Ralph Waldo "Petey" Greene (Don Cheadle) found his calling in jail where he was permitted two daily 20-minute spots as a disc jockey on the prison's public address system. In that unlikely context, he primitively pioneered something akin to the now ubiquitous shock-jock style. With the help of a straight-arrow program director named Dewey Hughes (Chiwetel Ejiofor), he pretty much elbowed his way into a job at WOL-AM, a near-moribund Washington, DC radio station, whose audience was basically black and basically fed up with conventional broadcasting.
Back in the 60s no one had heard anyone quite like Petey (Howard Stern was an early fan). It wasn't so much that he talked dirty (though he sometimes did), but that he talked autobiographically about his shady past, about his bad habits (boozing, mainly), and about his mildly transgressive present. Mostly he talked about life as he (and his listeners) struggled with it. He was hip, cool, angry, funny and, in the radio of his day, unique.
But underneath his jive-assed manner Petey was a serious, even moral, man. And when Washington riotously erupted in the aftermath of Martin Luther King's assassination, Petey took to the air and, in a marathon broadcast, helped calm the city. It was his apotheosis. It brought him a measure of national fame and the possibility of becoming a major celebrity.
Up to this point director Kasi Lemmons's Talk to Me traces a lively, if fairly standard, biopic arc the talented, troubled performer asserting his special and winning gifts in an indifferent world. She is, to be sure, lucky to have Don Cheadle in the leading role. He's an actor who knows how to play outrage without losing touch with his own inherent sweetness of spirit. And they are both fortunate to have Taraji P. Henson as Petey's girl friend, Vernell. As she proved in Hustle and Flow, she is a star in waiting both beautiful and irresistibly free-spirited. There's nothing cute or teasing in her sexuality, nothing but in-the-moment honesty in her emotions.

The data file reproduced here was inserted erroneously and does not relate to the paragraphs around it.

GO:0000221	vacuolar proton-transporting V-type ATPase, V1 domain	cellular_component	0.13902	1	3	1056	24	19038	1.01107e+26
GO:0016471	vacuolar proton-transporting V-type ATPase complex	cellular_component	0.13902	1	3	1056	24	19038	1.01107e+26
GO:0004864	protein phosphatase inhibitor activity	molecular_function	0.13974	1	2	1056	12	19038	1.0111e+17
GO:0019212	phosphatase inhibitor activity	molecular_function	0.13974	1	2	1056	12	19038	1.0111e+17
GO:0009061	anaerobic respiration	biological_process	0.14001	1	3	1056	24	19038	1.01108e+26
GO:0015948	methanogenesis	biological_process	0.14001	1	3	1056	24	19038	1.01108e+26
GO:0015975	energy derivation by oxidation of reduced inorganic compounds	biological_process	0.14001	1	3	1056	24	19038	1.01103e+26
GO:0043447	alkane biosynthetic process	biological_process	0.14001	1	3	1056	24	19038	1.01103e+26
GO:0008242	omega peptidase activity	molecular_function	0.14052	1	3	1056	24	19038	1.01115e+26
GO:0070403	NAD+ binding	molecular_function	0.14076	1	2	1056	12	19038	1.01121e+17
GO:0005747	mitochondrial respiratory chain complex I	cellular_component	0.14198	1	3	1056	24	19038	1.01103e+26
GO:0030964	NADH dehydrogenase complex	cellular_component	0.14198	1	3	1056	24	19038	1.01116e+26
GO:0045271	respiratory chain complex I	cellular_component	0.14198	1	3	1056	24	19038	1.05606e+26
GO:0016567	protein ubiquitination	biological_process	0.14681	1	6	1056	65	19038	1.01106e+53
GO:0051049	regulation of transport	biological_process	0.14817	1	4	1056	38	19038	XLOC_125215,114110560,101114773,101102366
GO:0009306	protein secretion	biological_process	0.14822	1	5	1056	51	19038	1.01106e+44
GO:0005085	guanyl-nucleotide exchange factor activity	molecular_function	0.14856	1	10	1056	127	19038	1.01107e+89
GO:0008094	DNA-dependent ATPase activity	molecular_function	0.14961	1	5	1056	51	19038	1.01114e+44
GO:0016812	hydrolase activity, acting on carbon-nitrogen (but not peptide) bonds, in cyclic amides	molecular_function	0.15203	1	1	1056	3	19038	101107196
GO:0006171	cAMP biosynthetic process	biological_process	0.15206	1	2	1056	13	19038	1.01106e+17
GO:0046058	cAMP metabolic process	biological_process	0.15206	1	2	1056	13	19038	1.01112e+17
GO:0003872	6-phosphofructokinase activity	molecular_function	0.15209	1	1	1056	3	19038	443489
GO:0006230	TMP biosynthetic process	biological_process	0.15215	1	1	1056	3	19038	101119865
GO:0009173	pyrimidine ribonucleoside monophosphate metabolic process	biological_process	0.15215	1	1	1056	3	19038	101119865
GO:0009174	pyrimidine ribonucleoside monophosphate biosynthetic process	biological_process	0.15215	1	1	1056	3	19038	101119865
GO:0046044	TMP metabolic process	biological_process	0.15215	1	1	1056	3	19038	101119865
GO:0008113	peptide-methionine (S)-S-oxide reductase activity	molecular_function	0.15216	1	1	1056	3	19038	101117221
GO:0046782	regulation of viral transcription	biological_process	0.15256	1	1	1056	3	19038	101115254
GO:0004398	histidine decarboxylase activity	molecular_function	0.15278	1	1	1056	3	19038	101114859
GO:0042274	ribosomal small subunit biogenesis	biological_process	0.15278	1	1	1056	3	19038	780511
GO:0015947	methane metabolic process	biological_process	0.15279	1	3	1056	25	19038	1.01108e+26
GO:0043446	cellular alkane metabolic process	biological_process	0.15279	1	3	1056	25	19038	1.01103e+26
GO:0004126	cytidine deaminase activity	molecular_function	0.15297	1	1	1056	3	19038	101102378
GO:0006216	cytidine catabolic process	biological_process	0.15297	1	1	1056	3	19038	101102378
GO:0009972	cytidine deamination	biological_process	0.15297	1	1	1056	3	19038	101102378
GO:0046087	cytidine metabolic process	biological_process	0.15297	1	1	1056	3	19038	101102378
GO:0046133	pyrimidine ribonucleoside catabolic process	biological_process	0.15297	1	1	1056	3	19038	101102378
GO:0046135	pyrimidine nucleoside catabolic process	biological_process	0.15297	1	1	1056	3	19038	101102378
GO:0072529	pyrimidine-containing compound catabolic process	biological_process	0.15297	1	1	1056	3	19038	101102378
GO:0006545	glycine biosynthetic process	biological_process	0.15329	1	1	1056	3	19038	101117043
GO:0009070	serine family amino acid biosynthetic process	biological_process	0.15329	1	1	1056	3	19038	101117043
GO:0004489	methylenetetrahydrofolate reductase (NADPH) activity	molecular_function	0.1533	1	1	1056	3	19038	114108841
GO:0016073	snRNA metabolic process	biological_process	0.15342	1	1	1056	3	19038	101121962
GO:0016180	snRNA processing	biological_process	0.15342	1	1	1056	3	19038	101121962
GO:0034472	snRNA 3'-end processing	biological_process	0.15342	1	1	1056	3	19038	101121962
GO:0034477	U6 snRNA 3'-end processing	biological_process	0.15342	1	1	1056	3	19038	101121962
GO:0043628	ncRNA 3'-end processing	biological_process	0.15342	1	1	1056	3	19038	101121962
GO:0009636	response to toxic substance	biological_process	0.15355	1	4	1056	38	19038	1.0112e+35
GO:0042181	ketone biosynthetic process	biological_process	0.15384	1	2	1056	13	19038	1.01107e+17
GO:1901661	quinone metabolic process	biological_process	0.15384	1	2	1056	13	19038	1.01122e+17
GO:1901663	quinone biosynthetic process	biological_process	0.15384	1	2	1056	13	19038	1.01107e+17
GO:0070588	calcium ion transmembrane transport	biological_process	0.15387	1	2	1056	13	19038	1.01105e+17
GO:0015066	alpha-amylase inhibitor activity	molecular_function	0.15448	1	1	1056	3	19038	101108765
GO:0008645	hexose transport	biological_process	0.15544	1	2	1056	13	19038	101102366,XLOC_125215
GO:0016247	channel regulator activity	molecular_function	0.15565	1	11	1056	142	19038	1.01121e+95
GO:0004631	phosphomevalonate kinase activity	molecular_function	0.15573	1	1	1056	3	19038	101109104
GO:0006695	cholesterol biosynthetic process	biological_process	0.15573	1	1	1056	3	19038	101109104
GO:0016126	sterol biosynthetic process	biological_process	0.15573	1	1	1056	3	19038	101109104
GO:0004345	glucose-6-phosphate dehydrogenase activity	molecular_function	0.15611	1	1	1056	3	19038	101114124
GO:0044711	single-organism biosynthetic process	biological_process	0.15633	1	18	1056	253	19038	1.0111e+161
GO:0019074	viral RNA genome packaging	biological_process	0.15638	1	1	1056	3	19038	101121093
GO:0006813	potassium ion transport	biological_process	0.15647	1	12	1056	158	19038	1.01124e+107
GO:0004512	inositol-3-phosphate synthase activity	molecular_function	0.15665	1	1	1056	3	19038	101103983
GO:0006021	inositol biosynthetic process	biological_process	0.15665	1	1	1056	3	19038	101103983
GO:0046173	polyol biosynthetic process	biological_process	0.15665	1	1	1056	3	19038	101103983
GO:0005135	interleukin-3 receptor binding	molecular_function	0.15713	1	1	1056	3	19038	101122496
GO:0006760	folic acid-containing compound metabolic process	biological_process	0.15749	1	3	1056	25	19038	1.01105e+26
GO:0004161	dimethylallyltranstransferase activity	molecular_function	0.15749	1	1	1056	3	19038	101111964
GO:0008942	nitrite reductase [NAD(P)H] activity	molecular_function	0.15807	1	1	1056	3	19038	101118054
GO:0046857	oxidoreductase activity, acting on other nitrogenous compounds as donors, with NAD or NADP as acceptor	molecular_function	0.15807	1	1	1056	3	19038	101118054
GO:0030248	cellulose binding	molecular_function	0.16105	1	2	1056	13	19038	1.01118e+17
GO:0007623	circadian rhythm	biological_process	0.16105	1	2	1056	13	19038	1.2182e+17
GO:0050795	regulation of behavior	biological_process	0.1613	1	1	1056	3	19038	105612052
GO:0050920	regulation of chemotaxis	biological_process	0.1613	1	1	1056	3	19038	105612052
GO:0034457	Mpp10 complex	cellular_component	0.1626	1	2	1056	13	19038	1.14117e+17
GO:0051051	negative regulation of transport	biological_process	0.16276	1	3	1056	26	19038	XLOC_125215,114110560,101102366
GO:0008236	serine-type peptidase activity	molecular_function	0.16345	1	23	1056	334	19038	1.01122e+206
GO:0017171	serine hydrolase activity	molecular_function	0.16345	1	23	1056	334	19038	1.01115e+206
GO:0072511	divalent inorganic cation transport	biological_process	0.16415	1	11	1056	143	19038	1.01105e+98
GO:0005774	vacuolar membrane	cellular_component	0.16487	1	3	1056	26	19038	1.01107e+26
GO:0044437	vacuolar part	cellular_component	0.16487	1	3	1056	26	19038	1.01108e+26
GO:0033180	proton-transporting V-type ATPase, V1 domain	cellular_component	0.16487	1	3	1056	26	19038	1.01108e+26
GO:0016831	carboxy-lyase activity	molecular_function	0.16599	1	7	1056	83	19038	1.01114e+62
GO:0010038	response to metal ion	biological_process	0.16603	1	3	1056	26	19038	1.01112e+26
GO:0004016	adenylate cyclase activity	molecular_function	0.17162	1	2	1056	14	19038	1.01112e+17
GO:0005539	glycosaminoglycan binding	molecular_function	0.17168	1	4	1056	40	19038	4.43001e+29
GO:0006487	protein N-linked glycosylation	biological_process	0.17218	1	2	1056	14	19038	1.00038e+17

Like the movie itself, Henson and Cheadle are a lot of fun until it appears that something larger than local fame is about to be thrust upon him. He instinctively understands that his success depends on the defense of his singularity, his incomparability with anyone else, and he becomes nervous, uncertain and withdrawn about moving beyond his small Washington pond symbolized by a gig on The Johnny Carson Show, which he funks.
We take that to be just a typical spot of second act trouble, something to be triumphantly overcome in the movie's third act. Except that it isn't. The implication is that Dewey, now his full-time manager, believed Petey could be turned into a stand-up comic, a black guy spouting one-liners designed to titillate a white audience suddenly attuned to the black outrage they had never before heard. That, however, was not Petey. And he knew it. He could talk fast, all right, but he was at heart a free-associating yarn spinner, a man who had to establish his own rhythms, not live by those of other people. He was never going to be Richard Pryor. Or Nipsey Russell.
It is at this point that Talk to Me embraces a dangerous paradox. By failing to fulfill our generic expectations, by letting its protagonist sink back into local hero status it cheats us of the good feelings we have come to expect from movies about show biz paragons. You leave the theater feeling disappointed by its failure to release the buoyant feelings that last-minute comebacks usually engender. Where's the hit movie, the Broadway triumph, the hysterically greeted concert tour that justifies all the hard times we have endured with our hero or heroine? It's only later, as you think the movie over and it does stay with you that you realize it has kept faith with the essential Petey Greene, a man who knew his limits and was determined to live within them. Contra movie conventions, life does not always make that "usually" offer us unambiguous success. If we're lucky, we get what Petey got a few good years, a chance to do some decent work, the nostalgic affection of an ever-dwindling number of people whose lives he touched. Eventually you may come to think of Talk to Me as a true movie rarity a very honest yet curiously affecting experience.